This is a highly specialised procedure performed when tumours are present very close to areas of the brain that control movement, speech and language, to minimise injury to these areas and preserve function. An important part of the brain, which controls voluntary movement of the opposite side of the arm, leg, face and tongue, is called the motor cortex. (See fig below)
The anatomical region of the brain known as Area 4 (coloured red in the figure above) was given the name primary motor cortex after the Canadian Neurosurgeon Dr Wilder Penfield showed that focal stimulations in this region elicited highly localized muscle contractions at various locations in the body. The motor cortex also includes Area 6, which lies in front of Area 4 and is divided into the premotor area (or premotor cortex) and the supplementary motor area. The premotor cortex is believed to help regulate posture by dictating an optimal position to the motor cortex for any given movement. The supplementary motor area, for its part, seems to influence the planning and initiation of movements on the basis of past experience. The mere anticipation of a movement triggers neural transmissions in the supplementary motor area. Tumours in the Premotor and supplementary motor areas can be removed in most instances without any significant loss of function to the patient, though there may be some temporary weakness on the opposite side of the body if these areas are removed on the dominant side (i.e. in the majority of people (both right and left handed) the left half of the brain is dominant). However tumours in the primary motor cortex are difficult to remove without loss of function of the opposite side of the body. Any injury to the primary motor cortex is in most instances likely to lead to irreversible loss of function of the arm, hand , leg or face of the other side of the body.
If a glioma is present very close to the primary motor cortex then an 'Awake craniotomy' can be performed to minimise injury to this area. In this procedure the patient is awake (but pain free) during parts of the operation to remove the tumour. The surgeon and his team are able to talk to the patient while the operation is in progress. The surgeon stimulates various areas of the brain and looks for muscle contractions in the patient and sometimes correlates with electrical recordings obtained from specific muscle groups in the arm and leg. The patient is also asked to move the arm, hand, and leg repeatedly to observe for any decrease or loss of function while removal of the tumour is underway. In this way the surgeon is able to obtain a map of the opposite side of the body on the brain surface and is able to avoid injury to areas of the brain that he/she knows is responsible for movement. This is known as 'Cortical mapping'. This procedure is also performed when tumours that are very close to the speech / language areas of the brain have to be removed. In this case the patient is asked to repeat a variety of small simple tests (like naming objects, counting numbers etc) while the operation is underway to help prevent any injury to the speech & language areas of the brain. The risk of developing a neurological disability like weakness of arm / leg or difficulty in speech can be significantly reduced by performing this procedure where appropriate, but the risk can never be completely eliminated.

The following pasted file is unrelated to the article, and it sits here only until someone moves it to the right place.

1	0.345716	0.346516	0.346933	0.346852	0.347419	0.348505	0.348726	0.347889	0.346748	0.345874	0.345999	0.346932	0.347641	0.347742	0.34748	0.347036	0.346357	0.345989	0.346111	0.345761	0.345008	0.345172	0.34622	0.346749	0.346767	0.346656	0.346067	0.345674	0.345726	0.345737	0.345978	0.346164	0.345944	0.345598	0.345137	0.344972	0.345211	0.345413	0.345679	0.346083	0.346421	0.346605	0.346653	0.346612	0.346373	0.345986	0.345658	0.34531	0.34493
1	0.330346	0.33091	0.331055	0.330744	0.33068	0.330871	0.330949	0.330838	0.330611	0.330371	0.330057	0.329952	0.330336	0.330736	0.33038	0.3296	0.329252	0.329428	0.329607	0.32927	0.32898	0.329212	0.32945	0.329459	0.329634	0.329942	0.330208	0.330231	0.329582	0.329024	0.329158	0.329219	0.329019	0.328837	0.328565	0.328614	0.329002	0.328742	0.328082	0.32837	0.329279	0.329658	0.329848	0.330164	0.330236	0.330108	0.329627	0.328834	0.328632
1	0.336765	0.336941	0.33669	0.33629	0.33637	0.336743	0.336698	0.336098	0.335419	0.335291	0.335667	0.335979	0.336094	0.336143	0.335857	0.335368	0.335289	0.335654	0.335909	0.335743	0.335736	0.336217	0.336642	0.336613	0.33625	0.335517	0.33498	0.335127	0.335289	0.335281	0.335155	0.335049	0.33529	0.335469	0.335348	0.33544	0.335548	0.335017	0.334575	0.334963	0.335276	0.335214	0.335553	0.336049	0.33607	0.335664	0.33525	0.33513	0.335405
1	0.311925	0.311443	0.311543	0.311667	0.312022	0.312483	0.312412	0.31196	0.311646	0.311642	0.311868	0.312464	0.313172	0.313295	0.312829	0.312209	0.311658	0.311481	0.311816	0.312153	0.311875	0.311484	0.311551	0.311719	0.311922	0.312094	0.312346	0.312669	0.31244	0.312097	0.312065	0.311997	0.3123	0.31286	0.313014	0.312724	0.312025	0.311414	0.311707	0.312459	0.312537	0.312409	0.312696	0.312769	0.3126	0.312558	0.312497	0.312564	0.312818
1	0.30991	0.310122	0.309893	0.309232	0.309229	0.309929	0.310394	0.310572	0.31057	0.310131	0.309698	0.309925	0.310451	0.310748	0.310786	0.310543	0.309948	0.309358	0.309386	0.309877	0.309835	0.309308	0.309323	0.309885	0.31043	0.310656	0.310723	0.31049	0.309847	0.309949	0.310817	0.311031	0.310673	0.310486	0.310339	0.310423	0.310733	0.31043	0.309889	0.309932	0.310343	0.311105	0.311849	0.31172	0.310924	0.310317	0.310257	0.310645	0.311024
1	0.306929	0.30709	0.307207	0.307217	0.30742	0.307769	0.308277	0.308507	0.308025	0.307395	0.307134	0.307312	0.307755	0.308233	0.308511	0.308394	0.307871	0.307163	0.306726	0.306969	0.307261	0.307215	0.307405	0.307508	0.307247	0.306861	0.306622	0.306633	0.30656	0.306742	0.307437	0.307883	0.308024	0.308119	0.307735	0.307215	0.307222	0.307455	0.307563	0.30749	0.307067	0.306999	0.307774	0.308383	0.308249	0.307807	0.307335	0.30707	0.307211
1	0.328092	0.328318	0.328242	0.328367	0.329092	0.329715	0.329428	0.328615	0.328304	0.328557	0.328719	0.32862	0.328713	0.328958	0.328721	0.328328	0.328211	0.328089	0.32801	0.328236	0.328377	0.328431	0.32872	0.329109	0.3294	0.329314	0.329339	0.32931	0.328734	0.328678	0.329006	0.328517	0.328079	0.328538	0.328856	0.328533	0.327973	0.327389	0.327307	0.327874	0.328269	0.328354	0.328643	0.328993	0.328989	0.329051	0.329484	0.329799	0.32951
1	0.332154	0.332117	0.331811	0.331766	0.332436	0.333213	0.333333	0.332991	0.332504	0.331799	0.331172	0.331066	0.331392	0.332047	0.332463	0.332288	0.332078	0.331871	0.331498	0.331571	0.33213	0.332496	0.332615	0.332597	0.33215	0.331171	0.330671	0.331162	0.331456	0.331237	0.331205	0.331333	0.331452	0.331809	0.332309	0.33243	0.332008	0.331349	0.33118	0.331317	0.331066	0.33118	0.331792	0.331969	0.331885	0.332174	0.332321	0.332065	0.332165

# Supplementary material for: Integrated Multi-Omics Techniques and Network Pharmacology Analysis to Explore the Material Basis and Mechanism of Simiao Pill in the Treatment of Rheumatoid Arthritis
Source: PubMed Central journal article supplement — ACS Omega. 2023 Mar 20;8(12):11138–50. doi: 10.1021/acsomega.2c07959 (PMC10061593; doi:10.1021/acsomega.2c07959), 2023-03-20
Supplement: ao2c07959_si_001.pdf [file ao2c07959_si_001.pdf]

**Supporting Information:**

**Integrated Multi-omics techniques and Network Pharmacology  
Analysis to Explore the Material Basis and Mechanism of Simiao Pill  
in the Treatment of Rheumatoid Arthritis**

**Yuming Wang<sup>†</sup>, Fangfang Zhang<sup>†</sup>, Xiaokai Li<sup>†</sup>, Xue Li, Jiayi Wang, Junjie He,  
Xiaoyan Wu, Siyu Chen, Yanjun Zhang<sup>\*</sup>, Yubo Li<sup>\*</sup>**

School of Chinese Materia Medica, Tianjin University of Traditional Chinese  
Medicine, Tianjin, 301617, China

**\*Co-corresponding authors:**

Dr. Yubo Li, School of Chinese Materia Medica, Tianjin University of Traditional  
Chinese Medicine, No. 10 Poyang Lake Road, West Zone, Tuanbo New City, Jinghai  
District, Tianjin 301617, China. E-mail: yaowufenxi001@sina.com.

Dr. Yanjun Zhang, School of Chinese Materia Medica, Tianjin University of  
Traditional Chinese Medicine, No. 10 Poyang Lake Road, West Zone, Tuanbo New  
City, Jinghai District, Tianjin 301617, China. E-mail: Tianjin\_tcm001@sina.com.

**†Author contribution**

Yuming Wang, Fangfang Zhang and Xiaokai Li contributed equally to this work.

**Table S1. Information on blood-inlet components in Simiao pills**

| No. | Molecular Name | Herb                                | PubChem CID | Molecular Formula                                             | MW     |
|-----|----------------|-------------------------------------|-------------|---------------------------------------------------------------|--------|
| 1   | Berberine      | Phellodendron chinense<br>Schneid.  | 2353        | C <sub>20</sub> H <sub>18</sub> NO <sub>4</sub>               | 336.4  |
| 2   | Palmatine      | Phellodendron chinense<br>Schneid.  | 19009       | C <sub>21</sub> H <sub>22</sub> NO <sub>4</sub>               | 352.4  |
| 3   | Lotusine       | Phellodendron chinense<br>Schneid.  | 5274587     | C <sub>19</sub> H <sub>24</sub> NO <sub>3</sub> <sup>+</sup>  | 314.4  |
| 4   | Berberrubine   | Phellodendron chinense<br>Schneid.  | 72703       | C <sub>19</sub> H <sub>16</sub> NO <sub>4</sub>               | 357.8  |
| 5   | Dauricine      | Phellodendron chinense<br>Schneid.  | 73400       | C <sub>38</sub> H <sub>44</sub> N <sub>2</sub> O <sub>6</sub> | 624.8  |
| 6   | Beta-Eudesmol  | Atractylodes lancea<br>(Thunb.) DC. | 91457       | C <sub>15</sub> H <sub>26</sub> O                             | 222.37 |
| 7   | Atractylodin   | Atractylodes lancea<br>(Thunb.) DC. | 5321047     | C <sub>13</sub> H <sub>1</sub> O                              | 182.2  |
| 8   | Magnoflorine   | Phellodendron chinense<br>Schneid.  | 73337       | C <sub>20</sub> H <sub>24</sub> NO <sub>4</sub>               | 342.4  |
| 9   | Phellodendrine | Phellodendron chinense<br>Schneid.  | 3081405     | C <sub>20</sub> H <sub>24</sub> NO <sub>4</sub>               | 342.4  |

Carefully selected patients with a suspected malignant glioma on an MRI scan may be eligible for application of Gliadel wafers in the tumour cavity at the time of surgery to resect the tumour. A team of experts at the Multi disciplinary meeting will make the decision about the suitability for this treatment. If the patient is assessed and found suitable for this treatment then the Neurosurgeon will discuss this in detail with the patient and family at the initial consultation. Gliadel is a form of topical chemotherapy containing the drug called Carmustine (or BCNU), which has shown some benefit in clinical trials. NICE has approved this treatment in selected cases of newly diagnosed malignant glioma.